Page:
A F O R T R A N computer program, using a Runge-Kutta routine from the IMSL Library (1982), was written to evaluate the integral in eqn (8) and produce the forecasts. In addition to the forecasts of dawn DO in the ponds, hourly predictions were generated for the night time period and the predicted DO curve for overnight decline was compared with the observed DO curve. Statistics for the absolute values of the residuals (the difference between the observed and predicted dawn DO) from the application of the WPRD model to the Amorient data were examined. A t-test for paired comparison was performed on the absolute value of the residuals for the WPRD model and those for the log-linear extrapolation technique (Madenjian et al., 1987). Additionally, the predictions of dawn DO (for Amorient ponds)by the WPRD model were regressed upon the observed dawn DO values to see how close the slope of such a line was close to 1 and how close the intercept was to 0. The net effect of diffusion on the DO decline observed in the Amorient ponds was estimated in the following manner. The diffusion component was removed from the full model (the full model was given b~ eqn (7)) and the dawn DO predictions were generated using the estimate of the respiration coefficient from the full model application. Note that in the full model application to estimate the respiration coefficient the prediction curve was fitted through the observed dawn DO. The overnight net effect of diffusion was defined as the predicted dawn DO for the diffusionless model subtracted from the observed dawn DO. If positive, the net overnight effect of diffusion was an addition of DO to the pond; if negative, the net effect of diffusion was a loss of DO from the pond during the night. For the BYU data, forecasts of dawn DO were based on pond average DO and pond average temperature. Predictions were calculated using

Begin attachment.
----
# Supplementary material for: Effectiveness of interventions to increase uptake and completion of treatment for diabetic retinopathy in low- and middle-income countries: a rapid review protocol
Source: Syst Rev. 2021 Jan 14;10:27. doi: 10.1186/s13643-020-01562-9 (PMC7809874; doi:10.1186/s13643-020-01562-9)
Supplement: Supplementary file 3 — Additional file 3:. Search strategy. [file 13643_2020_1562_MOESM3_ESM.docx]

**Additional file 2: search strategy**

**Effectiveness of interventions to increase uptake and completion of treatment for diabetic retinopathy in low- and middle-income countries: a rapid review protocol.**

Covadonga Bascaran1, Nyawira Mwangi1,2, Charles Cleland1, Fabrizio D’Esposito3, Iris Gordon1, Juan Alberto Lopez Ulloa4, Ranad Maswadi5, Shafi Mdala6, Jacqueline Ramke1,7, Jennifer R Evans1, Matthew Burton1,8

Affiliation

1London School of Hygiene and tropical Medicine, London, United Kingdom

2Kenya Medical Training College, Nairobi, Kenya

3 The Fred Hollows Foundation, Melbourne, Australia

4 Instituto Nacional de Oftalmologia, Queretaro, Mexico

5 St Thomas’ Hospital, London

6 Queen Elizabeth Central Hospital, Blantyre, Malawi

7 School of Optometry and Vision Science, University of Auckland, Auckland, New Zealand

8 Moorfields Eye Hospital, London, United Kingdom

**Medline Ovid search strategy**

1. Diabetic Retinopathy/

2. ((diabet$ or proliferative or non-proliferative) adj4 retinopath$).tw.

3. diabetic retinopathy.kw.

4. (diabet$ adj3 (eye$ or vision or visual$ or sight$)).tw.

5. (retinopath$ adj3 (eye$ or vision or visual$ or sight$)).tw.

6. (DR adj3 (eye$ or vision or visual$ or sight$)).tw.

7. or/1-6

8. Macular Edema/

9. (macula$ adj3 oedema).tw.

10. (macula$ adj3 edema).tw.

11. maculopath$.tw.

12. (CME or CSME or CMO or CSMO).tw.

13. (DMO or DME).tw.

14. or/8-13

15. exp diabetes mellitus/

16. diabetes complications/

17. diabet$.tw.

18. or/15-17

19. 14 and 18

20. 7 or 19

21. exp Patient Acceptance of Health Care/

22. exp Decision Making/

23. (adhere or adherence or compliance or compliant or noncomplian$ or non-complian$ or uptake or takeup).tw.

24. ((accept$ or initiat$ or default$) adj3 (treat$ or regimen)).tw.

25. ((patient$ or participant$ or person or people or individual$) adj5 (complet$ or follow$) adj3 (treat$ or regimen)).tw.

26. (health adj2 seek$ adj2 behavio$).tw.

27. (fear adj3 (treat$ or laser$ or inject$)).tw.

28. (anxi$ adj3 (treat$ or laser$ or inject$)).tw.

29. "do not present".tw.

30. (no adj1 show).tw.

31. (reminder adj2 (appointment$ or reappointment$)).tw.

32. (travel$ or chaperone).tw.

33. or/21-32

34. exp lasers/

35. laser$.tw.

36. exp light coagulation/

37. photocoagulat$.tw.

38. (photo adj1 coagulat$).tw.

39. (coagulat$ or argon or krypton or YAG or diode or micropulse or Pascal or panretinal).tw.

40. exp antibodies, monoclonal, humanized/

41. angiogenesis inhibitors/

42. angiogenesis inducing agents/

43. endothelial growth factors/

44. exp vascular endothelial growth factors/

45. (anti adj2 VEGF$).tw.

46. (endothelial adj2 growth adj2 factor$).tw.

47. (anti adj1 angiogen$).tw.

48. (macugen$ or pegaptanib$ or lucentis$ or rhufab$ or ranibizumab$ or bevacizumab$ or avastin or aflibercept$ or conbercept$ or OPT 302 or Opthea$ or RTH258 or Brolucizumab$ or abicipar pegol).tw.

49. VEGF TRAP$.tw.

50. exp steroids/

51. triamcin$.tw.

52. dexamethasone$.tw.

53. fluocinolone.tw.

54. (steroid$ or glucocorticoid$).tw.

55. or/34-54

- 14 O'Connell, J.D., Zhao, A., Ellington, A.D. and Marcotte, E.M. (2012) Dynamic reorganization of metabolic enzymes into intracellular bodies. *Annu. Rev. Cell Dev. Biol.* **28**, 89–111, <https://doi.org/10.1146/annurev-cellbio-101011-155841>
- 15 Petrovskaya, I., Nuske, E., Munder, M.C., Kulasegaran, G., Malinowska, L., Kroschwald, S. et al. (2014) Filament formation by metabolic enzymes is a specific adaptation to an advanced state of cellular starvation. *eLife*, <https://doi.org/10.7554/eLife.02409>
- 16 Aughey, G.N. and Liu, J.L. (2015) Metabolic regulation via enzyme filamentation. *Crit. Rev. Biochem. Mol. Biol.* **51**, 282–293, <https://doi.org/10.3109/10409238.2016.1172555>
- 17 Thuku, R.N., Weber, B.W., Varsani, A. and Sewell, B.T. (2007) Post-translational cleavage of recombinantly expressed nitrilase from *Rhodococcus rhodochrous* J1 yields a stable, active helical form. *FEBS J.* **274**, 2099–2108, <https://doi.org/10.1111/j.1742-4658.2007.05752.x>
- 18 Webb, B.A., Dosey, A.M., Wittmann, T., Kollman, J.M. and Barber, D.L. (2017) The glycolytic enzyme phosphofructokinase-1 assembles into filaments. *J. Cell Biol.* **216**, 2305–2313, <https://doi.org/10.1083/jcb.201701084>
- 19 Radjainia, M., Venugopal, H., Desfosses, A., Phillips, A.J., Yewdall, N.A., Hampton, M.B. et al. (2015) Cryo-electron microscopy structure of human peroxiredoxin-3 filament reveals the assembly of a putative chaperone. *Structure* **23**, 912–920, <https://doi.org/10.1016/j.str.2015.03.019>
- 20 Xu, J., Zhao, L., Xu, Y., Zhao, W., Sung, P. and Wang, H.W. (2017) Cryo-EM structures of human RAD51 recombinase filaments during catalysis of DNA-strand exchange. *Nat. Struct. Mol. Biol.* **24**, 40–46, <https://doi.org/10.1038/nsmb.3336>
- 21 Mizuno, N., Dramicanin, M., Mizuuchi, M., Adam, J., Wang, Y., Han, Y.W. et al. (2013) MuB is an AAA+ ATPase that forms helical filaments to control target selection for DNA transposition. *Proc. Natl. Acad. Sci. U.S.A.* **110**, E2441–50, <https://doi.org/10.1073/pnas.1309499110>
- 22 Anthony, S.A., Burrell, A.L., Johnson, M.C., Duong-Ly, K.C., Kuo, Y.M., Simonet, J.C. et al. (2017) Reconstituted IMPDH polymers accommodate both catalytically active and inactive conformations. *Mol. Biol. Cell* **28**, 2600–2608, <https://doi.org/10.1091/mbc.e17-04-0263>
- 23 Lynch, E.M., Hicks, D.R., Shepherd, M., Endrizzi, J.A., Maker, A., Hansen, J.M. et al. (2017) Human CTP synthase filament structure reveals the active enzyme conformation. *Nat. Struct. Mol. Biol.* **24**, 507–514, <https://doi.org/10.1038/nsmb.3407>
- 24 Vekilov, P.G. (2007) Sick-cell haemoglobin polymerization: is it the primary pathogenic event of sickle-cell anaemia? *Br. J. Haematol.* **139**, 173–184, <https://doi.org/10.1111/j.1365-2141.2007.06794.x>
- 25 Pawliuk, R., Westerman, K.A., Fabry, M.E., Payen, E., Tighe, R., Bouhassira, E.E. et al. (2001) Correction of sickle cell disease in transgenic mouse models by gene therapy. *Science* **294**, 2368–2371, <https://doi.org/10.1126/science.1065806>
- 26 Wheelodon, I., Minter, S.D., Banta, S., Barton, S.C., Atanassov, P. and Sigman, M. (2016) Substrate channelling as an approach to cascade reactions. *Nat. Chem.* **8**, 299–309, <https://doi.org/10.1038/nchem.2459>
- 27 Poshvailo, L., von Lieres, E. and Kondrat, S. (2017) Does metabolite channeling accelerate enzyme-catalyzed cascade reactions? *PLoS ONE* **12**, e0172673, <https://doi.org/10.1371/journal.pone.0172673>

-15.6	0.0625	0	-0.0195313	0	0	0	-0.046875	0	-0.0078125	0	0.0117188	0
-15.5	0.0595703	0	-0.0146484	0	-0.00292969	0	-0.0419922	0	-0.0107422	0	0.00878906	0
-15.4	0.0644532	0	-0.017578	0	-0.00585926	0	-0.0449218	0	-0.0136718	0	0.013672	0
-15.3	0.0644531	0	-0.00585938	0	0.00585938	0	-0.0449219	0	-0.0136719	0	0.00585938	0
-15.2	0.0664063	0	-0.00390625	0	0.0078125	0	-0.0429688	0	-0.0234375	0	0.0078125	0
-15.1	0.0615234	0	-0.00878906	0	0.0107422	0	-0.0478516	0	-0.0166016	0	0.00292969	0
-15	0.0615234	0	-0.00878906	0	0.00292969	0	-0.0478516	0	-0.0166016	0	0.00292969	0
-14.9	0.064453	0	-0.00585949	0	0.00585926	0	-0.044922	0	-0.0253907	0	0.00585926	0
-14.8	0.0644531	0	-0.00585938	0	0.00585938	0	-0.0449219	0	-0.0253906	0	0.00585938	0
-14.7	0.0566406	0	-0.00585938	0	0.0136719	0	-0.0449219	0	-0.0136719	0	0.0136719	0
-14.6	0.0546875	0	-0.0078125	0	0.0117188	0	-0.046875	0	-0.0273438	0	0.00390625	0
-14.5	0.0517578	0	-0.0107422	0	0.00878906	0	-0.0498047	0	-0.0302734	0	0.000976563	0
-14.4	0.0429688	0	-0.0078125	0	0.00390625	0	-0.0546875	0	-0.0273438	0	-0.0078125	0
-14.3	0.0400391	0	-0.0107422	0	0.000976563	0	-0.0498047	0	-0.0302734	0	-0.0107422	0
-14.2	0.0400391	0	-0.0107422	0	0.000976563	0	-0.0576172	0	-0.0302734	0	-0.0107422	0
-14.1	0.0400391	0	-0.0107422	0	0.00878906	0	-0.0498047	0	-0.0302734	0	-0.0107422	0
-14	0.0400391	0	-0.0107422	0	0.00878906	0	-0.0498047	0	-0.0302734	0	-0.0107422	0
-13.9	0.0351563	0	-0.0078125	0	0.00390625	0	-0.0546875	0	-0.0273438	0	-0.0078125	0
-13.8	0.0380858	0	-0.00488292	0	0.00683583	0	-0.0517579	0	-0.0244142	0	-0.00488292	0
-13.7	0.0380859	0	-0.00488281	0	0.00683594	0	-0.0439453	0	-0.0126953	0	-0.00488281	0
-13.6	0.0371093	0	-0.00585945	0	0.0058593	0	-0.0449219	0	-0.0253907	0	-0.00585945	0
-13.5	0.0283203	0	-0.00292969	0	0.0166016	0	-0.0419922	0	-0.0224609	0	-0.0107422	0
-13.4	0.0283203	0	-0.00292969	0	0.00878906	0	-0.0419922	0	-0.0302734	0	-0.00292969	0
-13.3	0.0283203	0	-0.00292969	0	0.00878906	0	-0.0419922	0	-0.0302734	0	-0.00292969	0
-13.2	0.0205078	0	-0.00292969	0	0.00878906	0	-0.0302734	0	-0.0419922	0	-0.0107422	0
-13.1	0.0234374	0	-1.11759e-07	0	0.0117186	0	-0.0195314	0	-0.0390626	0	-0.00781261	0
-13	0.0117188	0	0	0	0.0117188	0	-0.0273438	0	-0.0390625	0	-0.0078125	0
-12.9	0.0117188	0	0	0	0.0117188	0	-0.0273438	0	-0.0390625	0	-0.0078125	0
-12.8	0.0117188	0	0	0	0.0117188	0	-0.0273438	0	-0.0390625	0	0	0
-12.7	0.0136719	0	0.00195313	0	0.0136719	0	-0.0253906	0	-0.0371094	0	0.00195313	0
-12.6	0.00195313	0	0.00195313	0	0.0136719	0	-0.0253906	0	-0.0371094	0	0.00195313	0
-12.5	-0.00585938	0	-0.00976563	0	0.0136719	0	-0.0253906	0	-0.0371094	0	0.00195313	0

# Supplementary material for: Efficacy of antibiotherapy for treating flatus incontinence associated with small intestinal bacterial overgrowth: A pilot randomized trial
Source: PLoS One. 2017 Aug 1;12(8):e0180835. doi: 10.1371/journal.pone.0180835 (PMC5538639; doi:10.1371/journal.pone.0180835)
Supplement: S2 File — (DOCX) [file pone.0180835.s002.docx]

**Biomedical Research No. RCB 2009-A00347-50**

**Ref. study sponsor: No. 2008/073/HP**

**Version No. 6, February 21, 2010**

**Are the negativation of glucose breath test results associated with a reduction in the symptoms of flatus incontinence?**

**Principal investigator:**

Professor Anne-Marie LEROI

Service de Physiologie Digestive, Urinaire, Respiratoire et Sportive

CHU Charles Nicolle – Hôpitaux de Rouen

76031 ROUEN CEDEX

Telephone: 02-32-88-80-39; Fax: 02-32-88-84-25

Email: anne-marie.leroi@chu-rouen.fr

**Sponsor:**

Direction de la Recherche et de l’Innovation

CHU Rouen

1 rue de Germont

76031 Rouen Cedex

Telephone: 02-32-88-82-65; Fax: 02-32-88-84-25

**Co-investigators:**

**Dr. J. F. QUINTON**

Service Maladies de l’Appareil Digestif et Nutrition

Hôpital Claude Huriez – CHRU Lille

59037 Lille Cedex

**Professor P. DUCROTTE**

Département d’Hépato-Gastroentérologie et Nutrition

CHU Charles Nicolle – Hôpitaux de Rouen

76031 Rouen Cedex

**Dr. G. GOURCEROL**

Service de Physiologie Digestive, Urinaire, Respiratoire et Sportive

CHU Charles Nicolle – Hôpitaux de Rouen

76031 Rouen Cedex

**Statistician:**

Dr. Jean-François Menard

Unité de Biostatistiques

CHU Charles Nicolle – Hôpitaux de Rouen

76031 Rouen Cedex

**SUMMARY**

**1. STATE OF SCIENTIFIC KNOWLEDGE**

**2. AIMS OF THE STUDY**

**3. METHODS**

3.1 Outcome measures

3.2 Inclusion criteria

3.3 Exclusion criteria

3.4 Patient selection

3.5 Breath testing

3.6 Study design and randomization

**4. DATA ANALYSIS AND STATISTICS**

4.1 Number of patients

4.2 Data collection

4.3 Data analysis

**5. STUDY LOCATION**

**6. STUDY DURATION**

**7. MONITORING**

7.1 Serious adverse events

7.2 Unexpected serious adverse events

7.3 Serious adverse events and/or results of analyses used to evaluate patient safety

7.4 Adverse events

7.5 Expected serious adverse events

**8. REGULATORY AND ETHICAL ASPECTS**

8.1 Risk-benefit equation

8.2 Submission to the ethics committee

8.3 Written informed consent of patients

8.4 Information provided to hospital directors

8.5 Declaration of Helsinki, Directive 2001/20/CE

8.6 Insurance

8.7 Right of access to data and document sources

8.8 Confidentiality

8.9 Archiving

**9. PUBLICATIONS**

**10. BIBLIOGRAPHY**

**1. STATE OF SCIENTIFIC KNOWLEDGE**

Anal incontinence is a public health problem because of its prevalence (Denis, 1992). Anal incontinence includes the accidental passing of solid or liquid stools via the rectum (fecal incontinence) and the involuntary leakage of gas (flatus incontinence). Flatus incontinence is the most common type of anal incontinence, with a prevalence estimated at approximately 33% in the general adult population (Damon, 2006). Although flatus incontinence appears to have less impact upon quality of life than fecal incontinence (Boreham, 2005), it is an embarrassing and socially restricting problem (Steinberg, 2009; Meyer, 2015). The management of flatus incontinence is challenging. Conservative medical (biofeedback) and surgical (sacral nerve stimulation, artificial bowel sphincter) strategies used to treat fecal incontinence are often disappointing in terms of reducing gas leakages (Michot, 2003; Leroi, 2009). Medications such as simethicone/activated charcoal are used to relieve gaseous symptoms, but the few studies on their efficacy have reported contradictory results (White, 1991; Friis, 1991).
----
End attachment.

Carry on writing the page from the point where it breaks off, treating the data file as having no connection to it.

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the o b s e r v e d p o n d D O and t e m p e r a t u r e at dusk and the p o n d D O and t e m p e r a t u r e m e a s u r e d a p p r o x i m a t e l y 3 h later, along with the average nightly wind speed. D a t a w e r e e n t e r e d into the F O R T R A N p r o g r a m , e q n (8) was solved, and the forecasts w e r e c o m p u t e d . Statistics for absolute values of the residual w e r e examined.